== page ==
Extraction and quantification of amino acids in human stratum corneum in vivo

J- P. Sylvestre, C. C. Bouissou, R. H. Guy, M. B. Delgado-Charro

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32 Citations (SciVal)


Background: Amino acid (AA) levels in stratum corneum (SC) are potential biomarkers of skin health while their systemic levels may be used to diagnose inherited metabolic diseases.
Objectives: To examine reverse iontophoresis, in human volunteers, as a minimally invasive tool to analyse AAs within the skin and subdermally.
Methods: In four volunteers, the amounts of iontophoretically extracted AAs were compared with those determined in the SC following repetitive tape stripping and with the plasma concentrations. Glucose levels, evaluated in the different compartments, were used as a control.
Results: SC concentrations of 13 essentially zwitterionic AAs were ∼100-fold higher than the respective plasma levels. Passive and reverse iontophoretic extraction for 4 h did not deplete the SC depot of AAs, a fact reinforced by postextraction tape stripping, which revealed that AAs remained in the SC at this time. In contrast, glucose was much less abundant in the SC and was fully and relatively quickly extracted by reverse iontophoresis.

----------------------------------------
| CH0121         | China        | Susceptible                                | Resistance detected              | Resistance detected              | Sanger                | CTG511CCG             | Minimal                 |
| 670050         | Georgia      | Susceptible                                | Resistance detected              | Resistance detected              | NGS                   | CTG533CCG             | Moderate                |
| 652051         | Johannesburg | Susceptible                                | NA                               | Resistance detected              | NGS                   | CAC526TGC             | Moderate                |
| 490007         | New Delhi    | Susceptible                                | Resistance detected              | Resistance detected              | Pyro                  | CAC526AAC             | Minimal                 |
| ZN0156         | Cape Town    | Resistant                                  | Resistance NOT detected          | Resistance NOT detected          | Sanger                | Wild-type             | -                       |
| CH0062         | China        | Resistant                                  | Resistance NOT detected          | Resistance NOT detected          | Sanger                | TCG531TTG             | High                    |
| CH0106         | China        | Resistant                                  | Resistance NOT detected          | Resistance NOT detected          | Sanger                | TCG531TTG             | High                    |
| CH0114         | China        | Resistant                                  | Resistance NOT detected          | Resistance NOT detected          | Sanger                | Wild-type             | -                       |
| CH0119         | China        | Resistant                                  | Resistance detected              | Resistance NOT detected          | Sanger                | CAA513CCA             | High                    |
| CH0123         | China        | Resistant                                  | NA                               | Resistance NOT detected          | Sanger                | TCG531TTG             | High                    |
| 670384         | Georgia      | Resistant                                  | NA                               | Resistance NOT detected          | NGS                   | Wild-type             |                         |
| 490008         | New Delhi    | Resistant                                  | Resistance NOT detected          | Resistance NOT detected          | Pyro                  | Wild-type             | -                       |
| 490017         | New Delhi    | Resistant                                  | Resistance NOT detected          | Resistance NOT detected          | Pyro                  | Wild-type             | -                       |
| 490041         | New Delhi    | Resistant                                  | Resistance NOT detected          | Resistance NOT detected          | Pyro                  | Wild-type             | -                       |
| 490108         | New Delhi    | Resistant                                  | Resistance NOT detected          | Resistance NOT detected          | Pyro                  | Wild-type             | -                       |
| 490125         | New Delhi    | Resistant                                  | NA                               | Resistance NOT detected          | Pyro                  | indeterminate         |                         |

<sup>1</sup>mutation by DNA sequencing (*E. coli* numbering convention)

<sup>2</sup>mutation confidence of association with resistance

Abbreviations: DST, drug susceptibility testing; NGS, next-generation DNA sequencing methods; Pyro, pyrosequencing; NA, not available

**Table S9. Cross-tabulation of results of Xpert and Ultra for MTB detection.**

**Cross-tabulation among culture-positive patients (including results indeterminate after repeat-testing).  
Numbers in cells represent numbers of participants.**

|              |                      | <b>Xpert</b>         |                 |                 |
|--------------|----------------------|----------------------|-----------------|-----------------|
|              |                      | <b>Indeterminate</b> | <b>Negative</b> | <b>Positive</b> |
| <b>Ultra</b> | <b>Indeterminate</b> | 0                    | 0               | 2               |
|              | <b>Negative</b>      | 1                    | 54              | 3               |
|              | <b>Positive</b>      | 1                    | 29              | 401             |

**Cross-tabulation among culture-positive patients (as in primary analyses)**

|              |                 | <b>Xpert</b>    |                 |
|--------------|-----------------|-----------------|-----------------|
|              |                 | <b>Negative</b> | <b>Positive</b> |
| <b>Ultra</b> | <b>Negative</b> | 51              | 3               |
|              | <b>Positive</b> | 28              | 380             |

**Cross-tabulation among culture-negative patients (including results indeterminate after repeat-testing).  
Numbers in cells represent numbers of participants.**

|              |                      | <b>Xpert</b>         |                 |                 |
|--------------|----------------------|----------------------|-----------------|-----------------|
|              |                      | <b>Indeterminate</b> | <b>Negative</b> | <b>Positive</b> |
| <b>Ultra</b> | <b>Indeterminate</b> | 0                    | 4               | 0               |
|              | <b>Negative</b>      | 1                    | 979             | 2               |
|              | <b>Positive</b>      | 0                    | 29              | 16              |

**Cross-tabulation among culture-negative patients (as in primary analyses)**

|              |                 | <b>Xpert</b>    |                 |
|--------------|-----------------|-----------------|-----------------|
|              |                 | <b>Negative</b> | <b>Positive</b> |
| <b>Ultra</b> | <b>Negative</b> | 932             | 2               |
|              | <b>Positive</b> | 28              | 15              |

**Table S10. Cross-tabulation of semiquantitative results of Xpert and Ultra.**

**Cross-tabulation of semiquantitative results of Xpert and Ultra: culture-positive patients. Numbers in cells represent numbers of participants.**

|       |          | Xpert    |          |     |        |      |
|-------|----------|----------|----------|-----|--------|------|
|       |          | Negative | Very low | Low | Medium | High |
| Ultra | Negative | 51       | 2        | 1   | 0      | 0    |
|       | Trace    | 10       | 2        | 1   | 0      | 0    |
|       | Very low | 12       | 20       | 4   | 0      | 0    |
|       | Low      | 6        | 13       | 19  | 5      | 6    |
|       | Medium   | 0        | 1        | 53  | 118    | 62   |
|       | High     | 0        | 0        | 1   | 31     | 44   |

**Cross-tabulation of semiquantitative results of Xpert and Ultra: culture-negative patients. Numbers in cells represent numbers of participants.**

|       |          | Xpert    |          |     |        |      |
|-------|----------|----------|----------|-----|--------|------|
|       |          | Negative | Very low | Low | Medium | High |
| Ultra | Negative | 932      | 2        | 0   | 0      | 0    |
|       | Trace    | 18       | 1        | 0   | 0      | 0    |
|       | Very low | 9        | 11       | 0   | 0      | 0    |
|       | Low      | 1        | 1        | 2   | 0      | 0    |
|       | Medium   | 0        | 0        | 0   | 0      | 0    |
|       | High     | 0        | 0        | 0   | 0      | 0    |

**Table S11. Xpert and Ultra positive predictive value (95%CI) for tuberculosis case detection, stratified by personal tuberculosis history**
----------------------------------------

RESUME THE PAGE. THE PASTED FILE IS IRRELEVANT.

Conclusions: It follows that reverse iontophoresis is useful for quantifying AAs in the SC and these data are highly correlated with levels obtained by tape stripping. However, reverse iontophoresis is impractical for the routine monitoring of AA plasma concentrations (unlike the situation for glucose, the skin reservoir of which is much smaller).
Original languageEnglish
Pages (from-to)458-465
Number of pages8
JournalBritish Journal of Dermatology
Issue number3
Publication statusPublished - Sept 2010


  • reverse iontophoresis
  • tape stripping
  • amino acids
  • stratum corneum


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